Collateral Directed by Michael Mann

Getting back to his noir-genre roots, the always stylish Mann casts Tom Cruise as a natty, gray-haired assassin who flies into L.A. with a checklist of five witnesses he must dispose of in one night. His unlucky accomplice is the cabdriver Max (Jamie Foxx)--also a pro at his job--who is forced to drive him on his rounds. Mann vividly captures the nocturnal pulse of East L.A. in this taut, confined game of cat and mouse. In the homestretch the thrills get too generic and farfetched for their own good. But the first two thirds are a knockout.

The Corporation Directed by Mark Achbar and Jennifer Abbott

This smart, informative and lively polemic makes a strong case for viewing the corporation--which enjoys the legal status of an individual--as a psychopath run amok. Chockablock with disturbing tales (Bechtel's attempts to privatize rainwater in Bolivia, for one), this clever screed never hides its leftist politics (Noam Chomsky and Michael Moore are among the talking heads), but it doesn't make the mistake of demonizing the people who run these behemoths. There's even a ray of light at the end, in the form of an enlightened CEO.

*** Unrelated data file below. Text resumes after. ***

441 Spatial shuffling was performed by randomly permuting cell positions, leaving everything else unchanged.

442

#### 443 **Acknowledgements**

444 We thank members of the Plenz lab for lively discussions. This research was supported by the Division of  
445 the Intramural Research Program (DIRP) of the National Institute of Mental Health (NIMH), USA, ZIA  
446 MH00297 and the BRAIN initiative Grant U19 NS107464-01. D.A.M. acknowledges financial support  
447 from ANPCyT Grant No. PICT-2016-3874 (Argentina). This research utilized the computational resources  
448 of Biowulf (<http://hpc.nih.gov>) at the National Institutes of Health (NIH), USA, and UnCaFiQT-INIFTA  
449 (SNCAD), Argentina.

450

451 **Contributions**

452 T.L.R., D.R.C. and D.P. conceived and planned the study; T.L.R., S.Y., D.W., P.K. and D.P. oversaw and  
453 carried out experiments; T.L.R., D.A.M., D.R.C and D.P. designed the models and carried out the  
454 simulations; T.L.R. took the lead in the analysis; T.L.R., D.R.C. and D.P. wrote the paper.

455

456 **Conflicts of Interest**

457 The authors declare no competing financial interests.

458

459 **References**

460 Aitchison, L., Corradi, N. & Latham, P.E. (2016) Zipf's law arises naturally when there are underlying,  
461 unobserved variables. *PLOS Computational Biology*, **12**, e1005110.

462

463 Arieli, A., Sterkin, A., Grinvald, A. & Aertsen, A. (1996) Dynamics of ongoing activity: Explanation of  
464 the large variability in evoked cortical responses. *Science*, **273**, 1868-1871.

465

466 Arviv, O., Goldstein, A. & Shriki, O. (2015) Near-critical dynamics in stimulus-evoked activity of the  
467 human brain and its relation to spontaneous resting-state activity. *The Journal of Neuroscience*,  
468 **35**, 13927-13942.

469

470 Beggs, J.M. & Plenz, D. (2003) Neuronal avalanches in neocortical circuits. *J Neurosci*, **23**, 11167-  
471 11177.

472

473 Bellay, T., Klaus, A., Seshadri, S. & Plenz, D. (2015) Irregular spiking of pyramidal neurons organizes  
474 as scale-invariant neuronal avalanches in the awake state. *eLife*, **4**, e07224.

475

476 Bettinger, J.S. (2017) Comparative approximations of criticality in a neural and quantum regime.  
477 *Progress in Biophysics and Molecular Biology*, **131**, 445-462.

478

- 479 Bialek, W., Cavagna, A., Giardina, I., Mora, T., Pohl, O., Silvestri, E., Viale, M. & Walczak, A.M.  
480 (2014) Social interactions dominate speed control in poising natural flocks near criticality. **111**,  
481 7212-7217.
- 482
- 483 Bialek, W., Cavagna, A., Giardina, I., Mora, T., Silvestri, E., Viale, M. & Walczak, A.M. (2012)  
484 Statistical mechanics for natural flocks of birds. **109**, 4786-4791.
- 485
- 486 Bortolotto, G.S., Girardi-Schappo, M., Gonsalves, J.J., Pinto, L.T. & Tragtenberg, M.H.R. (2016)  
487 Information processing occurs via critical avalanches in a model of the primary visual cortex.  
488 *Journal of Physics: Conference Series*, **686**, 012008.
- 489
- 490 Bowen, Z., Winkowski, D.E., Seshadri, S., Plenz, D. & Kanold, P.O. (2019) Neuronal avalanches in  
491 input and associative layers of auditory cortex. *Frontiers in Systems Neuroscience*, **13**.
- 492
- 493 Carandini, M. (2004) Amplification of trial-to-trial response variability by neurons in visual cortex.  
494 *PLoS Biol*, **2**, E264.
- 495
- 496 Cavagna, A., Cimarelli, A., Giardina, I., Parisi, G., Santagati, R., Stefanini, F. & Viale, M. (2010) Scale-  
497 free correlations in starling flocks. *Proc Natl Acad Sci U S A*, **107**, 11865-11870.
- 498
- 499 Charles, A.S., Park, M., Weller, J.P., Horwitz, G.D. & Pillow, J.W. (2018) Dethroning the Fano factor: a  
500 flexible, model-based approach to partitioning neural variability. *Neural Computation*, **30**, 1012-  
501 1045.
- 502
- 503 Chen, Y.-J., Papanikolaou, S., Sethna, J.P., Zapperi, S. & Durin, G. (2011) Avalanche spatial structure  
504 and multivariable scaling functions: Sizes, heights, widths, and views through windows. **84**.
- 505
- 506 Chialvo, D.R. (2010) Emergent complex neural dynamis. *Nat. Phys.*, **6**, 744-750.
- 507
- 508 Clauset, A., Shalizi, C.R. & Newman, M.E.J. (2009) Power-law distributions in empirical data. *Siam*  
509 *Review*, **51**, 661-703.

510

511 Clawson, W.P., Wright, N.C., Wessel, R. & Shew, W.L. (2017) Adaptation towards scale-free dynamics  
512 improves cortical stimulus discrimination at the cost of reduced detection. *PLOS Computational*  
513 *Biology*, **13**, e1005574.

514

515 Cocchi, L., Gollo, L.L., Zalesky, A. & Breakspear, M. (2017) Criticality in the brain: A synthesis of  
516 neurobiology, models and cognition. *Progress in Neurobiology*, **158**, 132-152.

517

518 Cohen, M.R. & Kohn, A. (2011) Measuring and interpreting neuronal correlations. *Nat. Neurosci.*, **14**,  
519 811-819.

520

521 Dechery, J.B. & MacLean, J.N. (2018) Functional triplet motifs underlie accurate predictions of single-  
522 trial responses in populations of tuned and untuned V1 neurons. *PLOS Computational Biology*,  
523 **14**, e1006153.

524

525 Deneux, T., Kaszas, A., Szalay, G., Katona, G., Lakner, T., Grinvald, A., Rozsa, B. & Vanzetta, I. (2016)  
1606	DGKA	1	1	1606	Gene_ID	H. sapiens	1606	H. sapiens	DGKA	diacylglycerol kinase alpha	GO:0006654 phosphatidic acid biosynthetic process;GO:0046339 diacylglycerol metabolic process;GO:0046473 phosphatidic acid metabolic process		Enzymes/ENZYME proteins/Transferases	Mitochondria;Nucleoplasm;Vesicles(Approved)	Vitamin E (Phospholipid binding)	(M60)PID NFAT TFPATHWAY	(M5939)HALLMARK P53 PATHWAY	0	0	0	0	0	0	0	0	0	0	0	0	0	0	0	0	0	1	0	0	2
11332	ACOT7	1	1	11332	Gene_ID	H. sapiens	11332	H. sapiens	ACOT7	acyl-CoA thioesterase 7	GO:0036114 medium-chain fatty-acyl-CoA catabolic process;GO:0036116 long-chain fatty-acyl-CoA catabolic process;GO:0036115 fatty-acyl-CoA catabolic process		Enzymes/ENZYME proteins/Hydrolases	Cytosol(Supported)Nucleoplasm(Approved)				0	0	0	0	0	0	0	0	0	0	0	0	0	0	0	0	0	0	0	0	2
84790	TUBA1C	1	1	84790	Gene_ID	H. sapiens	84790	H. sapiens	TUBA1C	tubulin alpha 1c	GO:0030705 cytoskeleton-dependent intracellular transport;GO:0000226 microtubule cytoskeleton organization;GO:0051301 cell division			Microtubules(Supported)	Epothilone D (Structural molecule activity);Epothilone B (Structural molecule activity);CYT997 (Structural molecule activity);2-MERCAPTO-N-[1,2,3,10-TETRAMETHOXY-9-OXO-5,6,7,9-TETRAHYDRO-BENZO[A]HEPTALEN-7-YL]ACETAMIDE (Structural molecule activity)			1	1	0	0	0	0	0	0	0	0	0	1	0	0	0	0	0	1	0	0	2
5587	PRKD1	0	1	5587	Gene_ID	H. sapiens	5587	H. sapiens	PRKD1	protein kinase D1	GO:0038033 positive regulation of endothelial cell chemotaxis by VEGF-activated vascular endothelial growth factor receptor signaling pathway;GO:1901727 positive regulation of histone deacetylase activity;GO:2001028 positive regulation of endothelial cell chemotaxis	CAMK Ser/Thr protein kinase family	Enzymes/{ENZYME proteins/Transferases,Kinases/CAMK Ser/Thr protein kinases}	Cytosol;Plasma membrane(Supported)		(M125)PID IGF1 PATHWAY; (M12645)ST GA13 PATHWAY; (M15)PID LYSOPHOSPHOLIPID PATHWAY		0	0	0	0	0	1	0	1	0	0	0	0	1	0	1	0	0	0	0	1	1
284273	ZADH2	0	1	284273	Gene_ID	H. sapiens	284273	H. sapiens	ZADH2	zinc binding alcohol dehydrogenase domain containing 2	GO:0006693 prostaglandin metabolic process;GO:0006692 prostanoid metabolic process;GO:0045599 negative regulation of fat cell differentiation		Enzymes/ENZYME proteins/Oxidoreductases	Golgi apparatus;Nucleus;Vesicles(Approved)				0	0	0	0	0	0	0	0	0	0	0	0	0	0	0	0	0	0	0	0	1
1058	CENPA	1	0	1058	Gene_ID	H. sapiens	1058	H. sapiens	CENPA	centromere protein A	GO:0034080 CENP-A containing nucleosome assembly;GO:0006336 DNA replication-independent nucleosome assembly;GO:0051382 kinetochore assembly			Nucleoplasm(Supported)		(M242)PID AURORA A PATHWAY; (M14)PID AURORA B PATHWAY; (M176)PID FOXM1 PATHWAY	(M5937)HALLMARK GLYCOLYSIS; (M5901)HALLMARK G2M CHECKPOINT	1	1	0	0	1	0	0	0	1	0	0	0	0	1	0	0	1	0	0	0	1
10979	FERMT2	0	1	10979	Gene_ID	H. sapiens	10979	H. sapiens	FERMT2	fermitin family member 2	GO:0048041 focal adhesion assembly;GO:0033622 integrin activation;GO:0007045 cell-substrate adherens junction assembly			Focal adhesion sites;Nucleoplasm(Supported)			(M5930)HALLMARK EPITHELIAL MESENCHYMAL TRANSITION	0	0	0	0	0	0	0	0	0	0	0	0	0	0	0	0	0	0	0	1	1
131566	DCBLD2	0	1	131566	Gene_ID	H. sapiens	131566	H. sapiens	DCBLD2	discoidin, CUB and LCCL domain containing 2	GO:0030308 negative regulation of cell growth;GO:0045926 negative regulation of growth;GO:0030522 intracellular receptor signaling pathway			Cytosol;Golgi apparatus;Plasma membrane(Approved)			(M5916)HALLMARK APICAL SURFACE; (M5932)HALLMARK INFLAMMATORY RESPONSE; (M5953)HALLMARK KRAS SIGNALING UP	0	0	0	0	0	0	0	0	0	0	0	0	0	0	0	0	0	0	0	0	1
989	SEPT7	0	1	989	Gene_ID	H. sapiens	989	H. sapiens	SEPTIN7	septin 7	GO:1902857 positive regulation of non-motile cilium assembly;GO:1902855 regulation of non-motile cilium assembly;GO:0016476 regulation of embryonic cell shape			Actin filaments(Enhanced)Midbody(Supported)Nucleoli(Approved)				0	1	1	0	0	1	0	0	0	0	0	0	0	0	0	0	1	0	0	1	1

Maria Full of Grace Directed by Joshua Marston

This harrowing story of a smart, poor and pregnant Colombian girl (the beautiful and gifted Catalina Sandino Moreno) who becomes a mule transporting heroin into New York could have descended into hysteria or moralism. Fortunately, first-timer Marston concentrates on getting the details right and letting the story speak for itself. You will know exactly what it feels like to ingest 52 pellets of contraband before stepping onto a plane to Newark: the movie puts us in Maria's shoes, taking us step by suspenseful step through her physical and spiritual ordeal.

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